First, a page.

If you've ever been around a set of fans discussing a mediocre player you've likely heard the phrase "Trade him for a (insert inanimate object)." Some of my favorites include a wheelbarrow of rocks, a turkey, and a weekend package for two at the nicest spa around, but the one that got me thinking was to trade a player for sunflower seeds.
At first the suggestion seemed idiotic and unrealistic, but then I began thinking, would a year's supply of sunflower seeds, Gatorade, or something like bats would actually benefit a team. It sounds radical, but let's assume five things:
1.The team is using product X amount Y every game, with slight fluctuation.
2.The player produces X amount of wins, and gets paid Y amount per those wins.
3.The team as a whole can replace the player effectively, but not always the product.
4.The player won't play in every game; the product will.
5.The player himself will consume the product; the product will never consume the player.
That leaves us with two equations:
Product X = y (162 x 32). (Note 32 = players and coaches)
Player = 162 - games played / WARP / salary.
The product has been chosen, and we're talking Gatorade, and that each player and coach will consume at least 32 ounces per game, keep in mind not all of these players are active, and not all will choose Gatorade over water. That equates out to 1,024 ounces per game, and 165,888 ounces per season with some room for error.
Since we said the player can be replaced, it likely means it's a bench player who can only play a position or two at most, perhaps is only one or the other; a good hitter or fielder, we'll say the former, and use the example of Todd Hollandsworth, the long time Dodger who mainly played left field. Todd was a career .278/..328/.439 hitter, for the large part he was okay as a role player, but not someone you want starting everyday.
He signed with the Cubs in 2004 after spending 2003 with the Florida Marlins and in 93 games producing a sub par .254/.317/.421 line, he'd provide a nice bat off of the bench in 2004 and would up his numbers to .318/.392/.547 in 57 games. This would be unfortunate for the Cubs, who would re-sign him, and inexplicably place him in the starting lineup, although to their credit they did attempt to platoon him with Jason Dubois, but of course that plan wasn't exactly smart either.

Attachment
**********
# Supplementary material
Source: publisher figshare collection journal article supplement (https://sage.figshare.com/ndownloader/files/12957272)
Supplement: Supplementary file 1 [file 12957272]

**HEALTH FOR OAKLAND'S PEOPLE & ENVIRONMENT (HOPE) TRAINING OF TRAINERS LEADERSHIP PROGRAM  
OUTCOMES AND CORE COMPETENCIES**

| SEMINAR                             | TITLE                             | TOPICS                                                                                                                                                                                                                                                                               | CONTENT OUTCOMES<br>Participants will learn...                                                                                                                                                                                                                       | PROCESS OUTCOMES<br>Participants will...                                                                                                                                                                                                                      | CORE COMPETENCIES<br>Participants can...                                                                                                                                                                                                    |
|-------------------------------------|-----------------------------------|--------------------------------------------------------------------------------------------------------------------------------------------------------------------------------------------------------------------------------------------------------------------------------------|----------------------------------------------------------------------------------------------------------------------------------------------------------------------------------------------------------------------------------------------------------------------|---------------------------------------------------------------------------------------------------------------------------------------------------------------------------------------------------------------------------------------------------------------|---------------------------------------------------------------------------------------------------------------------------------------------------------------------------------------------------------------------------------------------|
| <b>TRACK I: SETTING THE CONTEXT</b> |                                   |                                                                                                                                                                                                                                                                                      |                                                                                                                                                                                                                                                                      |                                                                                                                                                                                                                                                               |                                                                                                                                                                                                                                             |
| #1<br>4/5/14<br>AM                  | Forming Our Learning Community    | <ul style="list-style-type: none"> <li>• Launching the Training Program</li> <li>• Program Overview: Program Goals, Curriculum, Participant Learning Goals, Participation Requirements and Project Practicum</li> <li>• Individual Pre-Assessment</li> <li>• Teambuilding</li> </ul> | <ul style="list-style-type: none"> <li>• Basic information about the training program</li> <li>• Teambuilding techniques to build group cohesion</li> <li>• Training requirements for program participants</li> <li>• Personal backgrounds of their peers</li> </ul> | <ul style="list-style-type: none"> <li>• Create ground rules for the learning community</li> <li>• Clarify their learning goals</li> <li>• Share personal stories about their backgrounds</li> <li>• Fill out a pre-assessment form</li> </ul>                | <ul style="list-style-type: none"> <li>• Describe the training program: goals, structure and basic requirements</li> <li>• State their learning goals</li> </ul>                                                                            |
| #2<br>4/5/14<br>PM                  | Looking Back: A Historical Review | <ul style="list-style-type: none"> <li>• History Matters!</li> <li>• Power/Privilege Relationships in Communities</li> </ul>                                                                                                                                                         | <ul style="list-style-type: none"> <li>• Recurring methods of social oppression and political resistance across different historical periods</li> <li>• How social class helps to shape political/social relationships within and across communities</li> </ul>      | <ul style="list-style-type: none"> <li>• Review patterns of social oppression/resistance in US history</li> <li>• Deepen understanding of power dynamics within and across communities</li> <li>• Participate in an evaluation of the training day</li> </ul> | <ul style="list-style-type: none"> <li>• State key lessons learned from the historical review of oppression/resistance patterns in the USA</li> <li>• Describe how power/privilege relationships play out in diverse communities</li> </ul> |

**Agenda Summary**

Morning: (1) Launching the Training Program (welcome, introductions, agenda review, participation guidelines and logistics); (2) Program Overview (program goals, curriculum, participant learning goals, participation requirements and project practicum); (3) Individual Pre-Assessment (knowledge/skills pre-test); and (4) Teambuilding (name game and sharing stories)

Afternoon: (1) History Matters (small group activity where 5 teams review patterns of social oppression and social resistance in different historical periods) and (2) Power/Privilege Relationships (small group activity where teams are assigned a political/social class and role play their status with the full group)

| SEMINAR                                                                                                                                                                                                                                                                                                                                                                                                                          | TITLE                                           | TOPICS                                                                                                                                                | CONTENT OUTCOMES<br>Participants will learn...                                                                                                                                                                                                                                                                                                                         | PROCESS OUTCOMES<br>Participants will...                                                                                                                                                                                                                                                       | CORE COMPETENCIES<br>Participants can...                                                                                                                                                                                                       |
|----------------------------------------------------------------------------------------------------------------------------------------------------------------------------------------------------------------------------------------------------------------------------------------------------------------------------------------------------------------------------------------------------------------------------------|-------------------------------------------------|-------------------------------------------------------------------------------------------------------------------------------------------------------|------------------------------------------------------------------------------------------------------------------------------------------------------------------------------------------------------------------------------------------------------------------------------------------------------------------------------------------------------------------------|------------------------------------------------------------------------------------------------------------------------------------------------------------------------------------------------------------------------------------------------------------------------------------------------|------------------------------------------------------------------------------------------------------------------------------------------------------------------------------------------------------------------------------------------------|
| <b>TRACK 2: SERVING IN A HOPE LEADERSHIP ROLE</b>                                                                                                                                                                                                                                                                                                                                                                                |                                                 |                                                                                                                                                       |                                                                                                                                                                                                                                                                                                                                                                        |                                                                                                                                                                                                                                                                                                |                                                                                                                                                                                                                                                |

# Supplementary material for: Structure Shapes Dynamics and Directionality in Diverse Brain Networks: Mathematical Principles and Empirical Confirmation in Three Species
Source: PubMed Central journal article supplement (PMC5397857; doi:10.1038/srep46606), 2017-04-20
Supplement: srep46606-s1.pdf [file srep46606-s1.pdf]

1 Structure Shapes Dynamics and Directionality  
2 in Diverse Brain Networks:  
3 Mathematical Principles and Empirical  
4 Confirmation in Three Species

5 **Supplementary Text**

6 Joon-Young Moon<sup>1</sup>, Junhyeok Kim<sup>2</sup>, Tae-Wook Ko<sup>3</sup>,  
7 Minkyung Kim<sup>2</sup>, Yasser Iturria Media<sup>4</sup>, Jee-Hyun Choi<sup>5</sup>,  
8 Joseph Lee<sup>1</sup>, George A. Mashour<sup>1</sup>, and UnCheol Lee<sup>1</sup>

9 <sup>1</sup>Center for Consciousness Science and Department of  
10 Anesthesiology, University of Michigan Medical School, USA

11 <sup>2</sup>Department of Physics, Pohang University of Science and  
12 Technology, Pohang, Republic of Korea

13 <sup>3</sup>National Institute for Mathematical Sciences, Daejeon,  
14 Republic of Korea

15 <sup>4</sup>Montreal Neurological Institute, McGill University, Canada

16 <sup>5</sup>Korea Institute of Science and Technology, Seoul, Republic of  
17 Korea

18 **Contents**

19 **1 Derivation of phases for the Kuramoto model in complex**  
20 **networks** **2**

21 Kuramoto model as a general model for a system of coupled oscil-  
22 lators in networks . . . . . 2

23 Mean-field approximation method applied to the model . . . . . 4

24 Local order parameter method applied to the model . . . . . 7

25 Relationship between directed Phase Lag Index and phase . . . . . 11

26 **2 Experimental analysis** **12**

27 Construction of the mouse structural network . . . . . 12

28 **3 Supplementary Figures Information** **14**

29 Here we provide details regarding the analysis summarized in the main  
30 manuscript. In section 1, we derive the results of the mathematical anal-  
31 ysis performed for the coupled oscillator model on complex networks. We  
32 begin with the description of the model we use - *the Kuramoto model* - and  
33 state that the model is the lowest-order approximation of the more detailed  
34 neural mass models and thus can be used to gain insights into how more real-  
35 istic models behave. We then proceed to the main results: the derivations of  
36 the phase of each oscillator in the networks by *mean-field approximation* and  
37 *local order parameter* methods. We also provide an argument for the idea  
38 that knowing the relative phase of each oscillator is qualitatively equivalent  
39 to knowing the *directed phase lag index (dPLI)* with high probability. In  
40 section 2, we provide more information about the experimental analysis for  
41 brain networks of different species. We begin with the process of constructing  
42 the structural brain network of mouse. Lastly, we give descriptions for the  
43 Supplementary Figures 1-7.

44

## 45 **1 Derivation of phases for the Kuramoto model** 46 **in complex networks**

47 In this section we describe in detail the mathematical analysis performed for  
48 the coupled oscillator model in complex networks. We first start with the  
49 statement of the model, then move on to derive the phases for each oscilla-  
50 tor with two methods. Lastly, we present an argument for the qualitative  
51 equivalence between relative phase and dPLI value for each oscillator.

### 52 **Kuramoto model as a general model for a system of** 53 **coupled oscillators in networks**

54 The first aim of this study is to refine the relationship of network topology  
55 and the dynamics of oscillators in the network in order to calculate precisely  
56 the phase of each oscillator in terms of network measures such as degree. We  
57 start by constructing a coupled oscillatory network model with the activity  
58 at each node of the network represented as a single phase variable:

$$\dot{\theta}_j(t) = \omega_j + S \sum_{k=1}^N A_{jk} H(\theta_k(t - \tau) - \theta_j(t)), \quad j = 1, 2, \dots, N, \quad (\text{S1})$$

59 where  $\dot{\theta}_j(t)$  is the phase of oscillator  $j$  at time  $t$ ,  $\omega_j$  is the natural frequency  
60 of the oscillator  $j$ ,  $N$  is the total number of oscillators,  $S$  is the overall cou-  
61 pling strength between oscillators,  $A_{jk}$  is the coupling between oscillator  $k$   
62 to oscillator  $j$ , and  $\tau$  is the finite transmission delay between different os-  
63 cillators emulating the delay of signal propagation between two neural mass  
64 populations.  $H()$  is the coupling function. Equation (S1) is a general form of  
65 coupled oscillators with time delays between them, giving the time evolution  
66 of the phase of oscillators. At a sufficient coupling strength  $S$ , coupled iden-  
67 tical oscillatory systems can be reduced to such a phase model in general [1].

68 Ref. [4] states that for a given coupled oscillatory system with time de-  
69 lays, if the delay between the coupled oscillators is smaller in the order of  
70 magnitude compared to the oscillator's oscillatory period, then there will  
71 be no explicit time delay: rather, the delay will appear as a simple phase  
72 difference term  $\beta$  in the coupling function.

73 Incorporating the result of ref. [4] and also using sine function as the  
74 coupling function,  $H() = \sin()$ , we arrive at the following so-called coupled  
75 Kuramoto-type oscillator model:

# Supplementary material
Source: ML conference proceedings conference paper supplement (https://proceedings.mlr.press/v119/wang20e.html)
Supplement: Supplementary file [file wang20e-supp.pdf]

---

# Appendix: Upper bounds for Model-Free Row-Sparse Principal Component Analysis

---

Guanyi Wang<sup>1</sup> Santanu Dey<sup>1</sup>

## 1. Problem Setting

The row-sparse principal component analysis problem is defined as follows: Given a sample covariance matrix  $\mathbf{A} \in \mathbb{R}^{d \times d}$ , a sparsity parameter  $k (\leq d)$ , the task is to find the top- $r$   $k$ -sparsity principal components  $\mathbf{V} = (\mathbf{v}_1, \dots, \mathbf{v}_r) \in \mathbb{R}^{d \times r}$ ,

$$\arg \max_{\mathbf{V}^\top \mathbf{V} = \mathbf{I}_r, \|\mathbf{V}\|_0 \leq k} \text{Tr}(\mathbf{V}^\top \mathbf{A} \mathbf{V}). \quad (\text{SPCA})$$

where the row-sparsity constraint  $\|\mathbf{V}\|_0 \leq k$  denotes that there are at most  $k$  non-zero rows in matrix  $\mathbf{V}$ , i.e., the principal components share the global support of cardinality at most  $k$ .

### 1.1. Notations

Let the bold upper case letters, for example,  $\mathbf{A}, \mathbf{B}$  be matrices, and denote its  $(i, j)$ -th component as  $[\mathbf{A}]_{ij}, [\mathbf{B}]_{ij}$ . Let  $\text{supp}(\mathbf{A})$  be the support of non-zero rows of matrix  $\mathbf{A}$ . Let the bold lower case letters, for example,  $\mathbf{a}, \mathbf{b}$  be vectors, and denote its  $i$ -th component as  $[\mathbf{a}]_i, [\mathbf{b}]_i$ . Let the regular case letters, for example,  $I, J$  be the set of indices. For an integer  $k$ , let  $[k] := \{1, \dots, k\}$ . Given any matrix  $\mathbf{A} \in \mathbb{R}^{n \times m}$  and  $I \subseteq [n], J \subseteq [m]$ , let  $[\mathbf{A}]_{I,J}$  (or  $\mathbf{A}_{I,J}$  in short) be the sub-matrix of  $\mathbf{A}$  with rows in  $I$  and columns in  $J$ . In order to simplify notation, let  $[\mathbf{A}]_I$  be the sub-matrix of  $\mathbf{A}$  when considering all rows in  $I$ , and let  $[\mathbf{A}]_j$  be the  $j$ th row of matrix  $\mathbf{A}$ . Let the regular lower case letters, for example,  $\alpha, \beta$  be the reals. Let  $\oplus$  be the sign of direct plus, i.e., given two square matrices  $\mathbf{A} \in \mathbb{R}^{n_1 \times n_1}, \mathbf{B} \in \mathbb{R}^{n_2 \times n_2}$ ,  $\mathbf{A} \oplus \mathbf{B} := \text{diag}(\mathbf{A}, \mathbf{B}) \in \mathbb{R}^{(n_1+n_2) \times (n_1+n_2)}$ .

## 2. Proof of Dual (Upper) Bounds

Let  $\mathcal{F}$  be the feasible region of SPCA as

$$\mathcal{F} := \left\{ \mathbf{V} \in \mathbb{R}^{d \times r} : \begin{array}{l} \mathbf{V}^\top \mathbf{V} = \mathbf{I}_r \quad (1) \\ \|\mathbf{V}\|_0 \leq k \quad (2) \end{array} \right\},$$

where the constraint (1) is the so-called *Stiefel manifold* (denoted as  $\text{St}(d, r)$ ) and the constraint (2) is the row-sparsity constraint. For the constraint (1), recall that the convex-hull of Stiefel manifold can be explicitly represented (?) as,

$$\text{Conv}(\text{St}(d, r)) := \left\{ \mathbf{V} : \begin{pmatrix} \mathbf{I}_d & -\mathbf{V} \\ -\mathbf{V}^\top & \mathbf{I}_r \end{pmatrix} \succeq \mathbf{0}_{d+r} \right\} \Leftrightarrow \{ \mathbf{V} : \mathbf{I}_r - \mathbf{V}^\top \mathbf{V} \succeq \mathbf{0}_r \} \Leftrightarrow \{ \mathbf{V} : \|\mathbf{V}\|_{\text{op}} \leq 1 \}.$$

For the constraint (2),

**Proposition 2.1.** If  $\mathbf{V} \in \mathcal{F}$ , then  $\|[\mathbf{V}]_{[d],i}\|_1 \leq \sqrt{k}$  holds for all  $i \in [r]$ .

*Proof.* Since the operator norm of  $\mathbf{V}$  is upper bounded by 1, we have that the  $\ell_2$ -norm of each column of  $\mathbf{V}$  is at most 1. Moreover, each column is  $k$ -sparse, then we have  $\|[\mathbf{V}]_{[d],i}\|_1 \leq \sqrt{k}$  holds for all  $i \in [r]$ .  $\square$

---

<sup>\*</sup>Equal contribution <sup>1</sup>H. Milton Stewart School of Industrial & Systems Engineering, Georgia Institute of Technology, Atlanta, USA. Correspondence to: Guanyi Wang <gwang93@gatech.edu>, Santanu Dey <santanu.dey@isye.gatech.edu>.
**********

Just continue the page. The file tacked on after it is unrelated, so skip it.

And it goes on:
Hollandsworth is a left handed bat and for his career has an OPS of .780 against right handed pitchers; who he should hit, and .685 against left handers, who he shouldn't as a typical rule of thumb for platoons, the other players should be worse against his same hand pitchers, and better against the opposite hand, well that was true, but Dubois had an OPS against righties of .750 and .692 against lefties, which when stacked up against .780 and .685 make you wonder how these two were ever going to platoon when both had the same strengths and weaknesses.
In August of 2005 the Cubs traded Hollandsworth to the Atlanta Braves for two minor leaguers; let's assume instead that the Braves would supply the Cubs with 120,000 ounces of Gatorade, a year's supply for the full year of Hollandsworth, in other words the 107 games with the Cubs as well.
His Wins Above Replacement Player, or WARP3, adjusted to 162 games, was a combined 0.2, 0.4 for his time in Chicago, -0.2 for his time in Atlanta. In other words he was about as close to replacement level as you can get without actually reaching it, which bodes well for our prerequisites as well as our conclusion.
Hollandsworth made 900,000 in 2005, and the Cubs were 62-69 when trading him, the Braves were 74-56 and would end up 90-72, the Cubs at 79-83. After the move the Cubs would gain 17 wins, and the Braves 16. While on the team Hollandsworth saw 78 wins take place, although that's not to say he played in them all, but let's assume he helped account for a bit of those 78 wins, he got paid roughly 11,538 thousand dollars per team victory, only 0.2 of which he contributed more than a completely average player.
Now to the Gatorade, using a 1.60 dollar per ounce figures, 265,420 dollars would be the cost for the season supply of the energy drink, slightly more than fourth-fifths of Hollandsworth salary. 1,024 ounces per game equals 1,638 dollars worth of beverage, almost half of what Hollandsworth got paid per game, whether he sat or played.
Financially the Cubs are dumping a salary and the costs of Gatorade, equating to 1,165,420 dollars saved for the 2005 season. With that million plus the team could've went out and added some scouting help, had construction done on Wrigley Field, or even added the money towards a trade mid-season or a free agent in the off-season.
The other side of this would be how to replace Hollandsworth? Well look no further than their own minor leagues, 23 year old Matt Murton would come up for 51 games and hit .321/.386/.521 in 2005 and .297/.365/.444 as a full timer in 2006, while making less than 350,000 and having a 1.8 WARP3 in 2005 and 5.3 in 2006.